Two new reports released this week show Americans are increasingly struggling to repay student loan debt, creating a drag on the economy and wasting taxpayer money if borrowers default on their loans.
An analysis released on Tuesday of 10 million credit files from Fair Isaac Corp. (FICO) found the average student debt load ballooned 58 percent from 2005 to 2012 -- from $17,233 to $27,253. In the same period, the number of consumers with two or more open student loans on their credit report grew from 12 million in 2005 to 26 million in 2012, according to the Wall Street Journal.
The FICO estimate is higher than the Project on Student Debt's most recent annual report, which estimated the class of 2011's average debt at $26,600.
Of student loans issued between 2005 and 2007, an industry boom period, 12.4 percent are 90 days past due, according to FICO. Forbes reports 15.1 percent of loans issued between 2010 and 2012 are 90 days past due.
Dr. Andrew Jennings, FICO’s chief analytics officer and head of FICO Labs, said in a release the situation is "simply unsustainable."
“As more people default on their student loans, their credit ratings will drop, making it harder for them to access new credit and help grow the economy," Jennings said. "Even people who stay current on their student loans are dealing with very large debts, which reduces the money they have available to spend elsewhere."
However, recent graduates are struggling to find full employment in the current economy, making it difficult to pay off the loans, creating a vicious circle.
According to another report released Wednesday by the Chicago-based credit rating agency TransUnion LLC, one-third of all outstanding student loans as of March 2012 are held by the riskiest borrowers, an increase from 31 percent in 2007.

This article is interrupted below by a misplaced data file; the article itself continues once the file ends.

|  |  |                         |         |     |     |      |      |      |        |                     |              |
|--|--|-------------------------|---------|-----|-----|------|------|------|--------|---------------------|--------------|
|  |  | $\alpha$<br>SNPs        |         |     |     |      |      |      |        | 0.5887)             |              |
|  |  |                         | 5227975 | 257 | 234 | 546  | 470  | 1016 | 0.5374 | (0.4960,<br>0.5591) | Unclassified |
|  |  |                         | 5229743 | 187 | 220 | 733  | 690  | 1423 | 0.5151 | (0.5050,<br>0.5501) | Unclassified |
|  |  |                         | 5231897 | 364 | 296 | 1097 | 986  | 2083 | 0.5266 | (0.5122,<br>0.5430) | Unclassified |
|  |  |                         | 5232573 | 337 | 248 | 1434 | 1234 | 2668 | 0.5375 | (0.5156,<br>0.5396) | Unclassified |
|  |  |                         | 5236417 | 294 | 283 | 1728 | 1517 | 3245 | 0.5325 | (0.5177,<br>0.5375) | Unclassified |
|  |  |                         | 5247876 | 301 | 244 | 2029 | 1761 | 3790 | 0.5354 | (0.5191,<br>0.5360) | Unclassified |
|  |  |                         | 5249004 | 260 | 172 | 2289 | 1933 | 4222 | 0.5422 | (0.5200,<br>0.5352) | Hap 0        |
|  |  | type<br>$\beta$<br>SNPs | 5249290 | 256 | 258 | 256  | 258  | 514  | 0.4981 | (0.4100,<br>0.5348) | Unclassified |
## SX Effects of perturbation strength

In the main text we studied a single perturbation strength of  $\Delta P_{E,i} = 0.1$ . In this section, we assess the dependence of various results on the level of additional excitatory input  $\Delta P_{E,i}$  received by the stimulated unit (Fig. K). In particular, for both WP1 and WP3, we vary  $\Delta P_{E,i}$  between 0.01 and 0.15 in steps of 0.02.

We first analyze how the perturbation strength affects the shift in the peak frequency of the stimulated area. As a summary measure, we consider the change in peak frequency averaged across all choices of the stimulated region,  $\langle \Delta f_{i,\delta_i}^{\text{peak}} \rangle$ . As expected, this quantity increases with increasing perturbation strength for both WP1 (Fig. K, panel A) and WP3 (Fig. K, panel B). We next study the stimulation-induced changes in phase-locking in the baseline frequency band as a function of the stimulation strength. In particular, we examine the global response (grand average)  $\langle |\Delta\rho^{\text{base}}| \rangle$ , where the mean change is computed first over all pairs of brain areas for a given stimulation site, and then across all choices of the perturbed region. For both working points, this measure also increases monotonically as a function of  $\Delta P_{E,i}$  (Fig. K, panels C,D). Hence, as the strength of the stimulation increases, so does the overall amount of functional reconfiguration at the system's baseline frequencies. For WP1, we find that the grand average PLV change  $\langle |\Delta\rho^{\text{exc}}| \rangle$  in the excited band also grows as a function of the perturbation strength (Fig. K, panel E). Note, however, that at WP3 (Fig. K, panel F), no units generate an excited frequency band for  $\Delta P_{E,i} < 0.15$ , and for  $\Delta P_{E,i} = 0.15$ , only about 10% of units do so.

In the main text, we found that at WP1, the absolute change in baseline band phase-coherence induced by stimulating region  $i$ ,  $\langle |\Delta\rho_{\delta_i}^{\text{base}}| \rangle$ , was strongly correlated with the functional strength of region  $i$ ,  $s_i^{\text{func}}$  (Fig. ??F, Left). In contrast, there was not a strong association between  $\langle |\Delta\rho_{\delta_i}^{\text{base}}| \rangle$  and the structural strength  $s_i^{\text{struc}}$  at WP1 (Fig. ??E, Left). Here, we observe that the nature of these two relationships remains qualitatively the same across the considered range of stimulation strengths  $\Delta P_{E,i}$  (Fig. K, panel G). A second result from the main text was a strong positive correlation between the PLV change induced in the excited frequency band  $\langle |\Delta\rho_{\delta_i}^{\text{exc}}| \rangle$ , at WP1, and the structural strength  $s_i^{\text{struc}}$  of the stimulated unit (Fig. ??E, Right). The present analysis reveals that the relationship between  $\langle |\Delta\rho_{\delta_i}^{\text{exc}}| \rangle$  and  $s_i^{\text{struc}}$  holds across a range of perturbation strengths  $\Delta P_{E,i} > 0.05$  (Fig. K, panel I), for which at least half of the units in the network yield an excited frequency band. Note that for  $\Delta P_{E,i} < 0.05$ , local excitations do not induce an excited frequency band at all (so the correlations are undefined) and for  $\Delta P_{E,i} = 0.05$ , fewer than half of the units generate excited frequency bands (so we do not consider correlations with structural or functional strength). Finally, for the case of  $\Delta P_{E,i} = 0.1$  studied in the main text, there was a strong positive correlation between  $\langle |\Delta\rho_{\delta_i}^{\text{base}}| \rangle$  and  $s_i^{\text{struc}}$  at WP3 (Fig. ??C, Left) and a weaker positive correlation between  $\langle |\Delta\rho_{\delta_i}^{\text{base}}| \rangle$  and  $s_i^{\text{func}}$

TransUnion found more than half of student loan accounts --- 65.5 million of 128.8 million -- are in deferment. The Chicago Tribune reports TransUnion examined every active student loan in its credit database from March 2007 to March 2012.
Nearly all student loans are automatically in deferment while borrowers are enrolled full-time in college, and they usually carry a six-month grace period after graduation before monthly repayments are due. If borrowers struggle to find work after college though, they end up seeking forbearance or extended deferments.
"[W]ith unemployment rates remaining high, particularly among recent graduates, the repayment of these loans remains a concern," Ezra Becker, vice president of research and consulting at TransUnion, said in a statement. "Students can defer their loans for only a certain period, often up to three years. After that, these students can find themselves in a difficult position financially."
Student loan debt tops all other forms of consumer debt in America. It's the only kind that is next to impossible to discharge in bankruptcy.
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